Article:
Dr. Cassandra Allen
Words by:
Cassandra Allen — Associate IndeVet

Chocolate toxicosis: it’s time for a refresher. Although it would be nice to tell people to avoid chocolate altogether so there are no potential issues, that is not realistic, and we know a lab would still find chocolate even if you swear there was none in the house, so it is better to be prepared. With that in mind, here is a quick summary of how different chocolate may affect dogs:


White Chocolate

Despite its name, white chocolate is NOT actually chocolate. I know it is such a big disappointment (sorry to all those white chocolate lovers out there), but good news for your dog! Although you do not have to worry about any chocolate toxicity issues with white chocolate, you should still monitor for GI upset/pancreatitis issues, considering the dairy and fat content.

Milk Chocolate

Unless it is a tiny dog, dogs usually have to ingest a lot of this to be a problem, so I typically ask other questions like: was the chocolate wrapped in something, so I have to worry about the wrapper(s) causing an obstruction? Or did the chocolate contain anything else in it? For example, my own dog ate a fruit & nut milk chocolate bar. I was more worried about the raisins in it than the actual chocolate. He looked confused as I made him vomit his sneaky treat to himself (do not worry, he was fine; different topic for a different day).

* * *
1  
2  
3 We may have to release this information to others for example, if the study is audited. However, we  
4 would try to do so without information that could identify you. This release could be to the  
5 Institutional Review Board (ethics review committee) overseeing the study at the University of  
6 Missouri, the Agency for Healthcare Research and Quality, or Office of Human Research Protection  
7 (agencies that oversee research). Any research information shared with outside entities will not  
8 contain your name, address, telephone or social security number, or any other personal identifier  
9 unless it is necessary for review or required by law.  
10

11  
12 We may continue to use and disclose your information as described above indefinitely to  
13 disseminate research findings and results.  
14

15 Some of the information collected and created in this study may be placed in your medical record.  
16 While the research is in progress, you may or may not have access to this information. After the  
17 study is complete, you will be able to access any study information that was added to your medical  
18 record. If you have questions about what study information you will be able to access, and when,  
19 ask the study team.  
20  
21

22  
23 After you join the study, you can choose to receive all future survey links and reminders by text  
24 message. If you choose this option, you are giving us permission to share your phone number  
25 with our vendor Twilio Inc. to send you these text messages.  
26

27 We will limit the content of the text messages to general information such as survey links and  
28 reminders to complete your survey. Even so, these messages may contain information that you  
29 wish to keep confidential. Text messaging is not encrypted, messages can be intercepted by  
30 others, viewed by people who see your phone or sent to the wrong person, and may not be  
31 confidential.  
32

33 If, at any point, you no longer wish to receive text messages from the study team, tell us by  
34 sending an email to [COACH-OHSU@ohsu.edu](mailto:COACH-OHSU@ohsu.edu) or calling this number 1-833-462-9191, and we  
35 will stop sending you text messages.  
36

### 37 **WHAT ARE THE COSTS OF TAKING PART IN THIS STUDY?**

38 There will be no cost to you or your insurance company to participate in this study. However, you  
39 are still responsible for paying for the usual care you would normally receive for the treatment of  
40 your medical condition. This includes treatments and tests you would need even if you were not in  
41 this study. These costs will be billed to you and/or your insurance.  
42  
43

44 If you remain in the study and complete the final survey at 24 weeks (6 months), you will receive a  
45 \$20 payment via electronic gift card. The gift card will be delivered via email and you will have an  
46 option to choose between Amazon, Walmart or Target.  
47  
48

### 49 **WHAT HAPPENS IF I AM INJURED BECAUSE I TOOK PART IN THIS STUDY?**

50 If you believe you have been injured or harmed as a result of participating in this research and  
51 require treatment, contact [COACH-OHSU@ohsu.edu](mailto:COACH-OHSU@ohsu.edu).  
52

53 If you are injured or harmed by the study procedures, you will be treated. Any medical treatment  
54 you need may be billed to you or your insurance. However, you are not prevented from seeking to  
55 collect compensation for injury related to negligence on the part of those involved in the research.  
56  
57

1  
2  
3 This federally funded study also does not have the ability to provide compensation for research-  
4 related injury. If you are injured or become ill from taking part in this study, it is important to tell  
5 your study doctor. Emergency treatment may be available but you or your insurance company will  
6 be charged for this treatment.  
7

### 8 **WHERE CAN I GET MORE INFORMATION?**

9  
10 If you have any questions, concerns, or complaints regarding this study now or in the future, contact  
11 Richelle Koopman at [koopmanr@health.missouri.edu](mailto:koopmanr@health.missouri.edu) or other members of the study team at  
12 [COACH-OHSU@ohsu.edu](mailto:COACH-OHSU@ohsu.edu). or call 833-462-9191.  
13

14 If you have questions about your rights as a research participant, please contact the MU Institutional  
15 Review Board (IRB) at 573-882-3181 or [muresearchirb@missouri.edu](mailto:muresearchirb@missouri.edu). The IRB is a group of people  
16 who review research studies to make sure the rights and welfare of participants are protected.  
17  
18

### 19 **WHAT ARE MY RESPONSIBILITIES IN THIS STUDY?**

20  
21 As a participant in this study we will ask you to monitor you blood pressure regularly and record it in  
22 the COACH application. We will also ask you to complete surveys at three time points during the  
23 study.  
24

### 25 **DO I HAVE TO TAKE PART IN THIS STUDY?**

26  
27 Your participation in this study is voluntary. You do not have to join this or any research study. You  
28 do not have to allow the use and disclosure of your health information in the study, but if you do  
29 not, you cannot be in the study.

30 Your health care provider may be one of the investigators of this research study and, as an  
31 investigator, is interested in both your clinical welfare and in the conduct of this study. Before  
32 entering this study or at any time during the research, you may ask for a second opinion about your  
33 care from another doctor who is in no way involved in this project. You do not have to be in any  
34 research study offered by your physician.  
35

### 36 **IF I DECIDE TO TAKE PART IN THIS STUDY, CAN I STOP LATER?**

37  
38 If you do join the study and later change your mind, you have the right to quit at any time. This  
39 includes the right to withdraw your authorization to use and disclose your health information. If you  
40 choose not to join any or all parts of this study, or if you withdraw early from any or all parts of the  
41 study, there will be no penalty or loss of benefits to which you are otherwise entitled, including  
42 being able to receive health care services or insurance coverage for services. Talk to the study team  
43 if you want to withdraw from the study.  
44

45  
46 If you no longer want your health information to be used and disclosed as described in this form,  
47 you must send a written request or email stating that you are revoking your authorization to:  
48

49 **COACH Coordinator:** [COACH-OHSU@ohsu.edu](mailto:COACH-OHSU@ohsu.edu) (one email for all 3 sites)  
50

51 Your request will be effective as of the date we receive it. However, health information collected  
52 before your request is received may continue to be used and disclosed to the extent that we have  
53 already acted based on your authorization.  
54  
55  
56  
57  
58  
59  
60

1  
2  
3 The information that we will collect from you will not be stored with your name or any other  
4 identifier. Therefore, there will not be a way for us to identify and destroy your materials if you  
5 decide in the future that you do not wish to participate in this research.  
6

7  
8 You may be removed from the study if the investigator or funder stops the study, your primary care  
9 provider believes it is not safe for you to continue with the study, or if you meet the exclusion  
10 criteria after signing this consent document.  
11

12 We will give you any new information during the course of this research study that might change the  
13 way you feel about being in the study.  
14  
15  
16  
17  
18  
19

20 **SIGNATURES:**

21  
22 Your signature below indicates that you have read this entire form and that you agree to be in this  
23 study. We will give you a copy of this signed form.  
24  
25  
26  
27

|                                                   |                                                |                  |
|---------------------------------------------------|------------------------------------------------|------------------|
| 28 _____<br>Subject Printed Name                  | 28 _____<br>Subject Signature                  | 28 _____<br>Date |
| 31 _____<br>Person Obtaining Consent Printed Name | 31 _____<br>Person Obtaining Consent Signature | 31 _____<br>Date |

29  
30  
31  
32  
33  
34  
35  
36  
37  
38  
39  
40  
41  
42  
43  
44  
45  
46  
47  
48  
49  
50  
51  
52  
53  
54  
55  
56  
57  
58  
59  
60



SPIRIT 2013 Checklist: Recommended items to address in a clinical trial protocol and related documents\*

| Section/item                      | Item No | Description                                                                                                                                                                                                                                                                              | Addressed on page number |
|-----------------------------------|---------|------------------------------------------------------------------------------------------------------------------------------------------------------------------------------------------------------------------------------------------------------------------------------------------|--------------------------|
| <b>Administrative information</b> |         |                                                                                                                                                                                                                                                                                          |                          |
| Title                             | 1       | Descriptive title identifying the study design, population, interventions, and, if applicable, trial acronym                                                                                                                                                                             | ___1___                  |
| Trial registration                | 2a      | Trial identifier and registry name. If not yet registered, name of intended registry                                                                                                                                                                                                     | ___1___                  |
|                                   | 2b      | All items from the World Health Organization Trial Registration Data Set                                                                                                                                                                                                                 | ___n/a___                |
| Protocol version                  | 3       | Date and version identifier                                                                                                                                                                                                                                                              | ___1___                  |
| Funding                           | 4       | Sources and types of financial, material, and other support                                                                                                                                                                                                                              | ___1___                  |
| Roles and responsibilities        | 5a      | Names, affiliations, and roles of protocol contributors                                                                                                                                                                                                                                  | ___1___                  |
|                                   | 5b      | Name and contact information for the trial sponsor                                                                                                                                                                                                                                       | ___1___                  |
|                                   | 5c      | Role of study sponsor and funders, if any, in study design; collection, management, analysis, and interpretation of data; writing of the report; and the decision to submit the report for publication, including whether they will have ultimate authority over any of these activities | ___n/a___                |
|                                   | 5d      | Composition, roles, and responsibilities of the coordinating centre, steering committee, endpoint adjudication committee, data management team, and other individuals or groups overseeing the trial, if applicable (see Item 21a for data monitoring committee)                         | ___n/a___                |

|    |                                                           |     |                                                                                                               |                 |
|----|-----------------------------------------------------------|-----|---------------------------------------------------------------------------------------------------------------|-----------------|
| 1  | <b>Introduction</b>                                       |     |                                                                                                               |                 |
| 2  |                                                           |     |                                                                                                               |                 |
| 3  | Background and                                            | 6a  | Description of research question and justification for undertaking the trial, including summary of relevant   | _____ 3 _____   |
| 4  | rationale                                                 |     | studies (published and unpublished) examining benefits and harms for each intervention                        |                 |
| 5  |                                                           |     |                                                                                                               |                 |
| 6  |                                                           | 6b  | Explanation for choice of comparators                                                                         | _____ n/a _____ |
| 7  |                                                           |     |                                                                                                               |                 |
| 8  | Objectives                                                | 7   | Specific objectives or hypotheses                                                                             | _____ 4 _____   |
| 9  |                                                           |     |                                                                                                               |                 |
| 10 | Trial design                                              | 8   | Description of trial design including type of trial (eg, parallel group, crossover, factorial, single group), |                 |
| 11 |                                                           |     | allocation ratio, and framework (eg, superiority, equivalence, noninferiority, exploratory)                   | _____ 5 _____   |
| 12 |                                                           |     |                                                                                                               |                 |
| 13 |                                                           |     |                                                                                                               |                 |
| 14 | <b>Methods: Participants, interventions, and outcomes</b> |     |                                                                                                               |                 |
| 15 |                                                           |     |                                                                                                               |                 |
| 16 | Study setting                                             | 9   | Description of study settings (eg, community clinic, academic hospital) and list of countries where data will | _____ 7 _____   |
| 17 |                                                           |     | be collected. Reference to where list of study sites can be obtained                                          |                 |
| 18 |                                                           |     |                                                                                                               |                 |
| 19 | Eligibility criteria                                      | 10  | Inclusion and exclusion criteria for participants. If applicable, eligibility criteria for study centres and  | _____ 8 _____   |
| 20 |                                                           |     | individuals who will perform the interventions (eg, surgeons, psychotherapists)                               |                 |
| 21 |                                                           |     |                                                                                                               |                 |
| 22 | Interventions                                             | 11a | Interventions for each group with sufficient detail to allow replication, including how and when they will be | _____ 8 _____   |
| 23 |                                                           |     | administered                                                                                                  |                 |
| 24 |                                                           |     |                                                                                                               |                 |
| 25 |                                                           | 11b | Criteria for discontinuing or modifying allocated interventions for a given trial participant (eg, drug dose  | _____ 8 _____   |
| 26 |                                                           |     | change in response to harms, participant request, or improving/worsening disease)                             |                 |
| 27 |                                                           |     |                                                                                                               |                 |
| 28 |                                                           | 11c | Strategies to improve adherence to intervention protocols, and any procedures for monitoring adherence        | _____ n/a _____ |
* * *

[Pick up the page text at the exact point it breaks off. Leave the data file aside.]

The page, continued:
Dark Chocolate

For dark chocolate, I will admit I usually use a chocolate toxicity calculator to determine if treatment is necessary or if it will be okay to monitor the dog. Both VIN and Merck have very nice chocolate toxicity calculators that notify you of what signs to expect based on the dog’s weight, what kind of chocolate was ingested, and how much.

Chocolate toxicity calculator

Baker’s Chocolate & Cocoa Powder

I think of that scene from “Gilmore Girls” where Luke is watching Lorelei’s dog, and he ingests some baking chocolate. Luke subsequently picks up the dog and rushes him to the local veterinarian. I applaud Luke’s decision to rush him to the vet, maybe less so going to the vet’s house in the middle of the night. Unfortunately, it doesn’t take much baker’s chocolate and cocoa powder to reach toxic levels, according to Cornell University, “where as little as 0.1 ounces [of baking chocolate] per pound of a dog’s body weight may be lethal” and even less cocoa powder. So, intervention is usually recommended if any is ingested.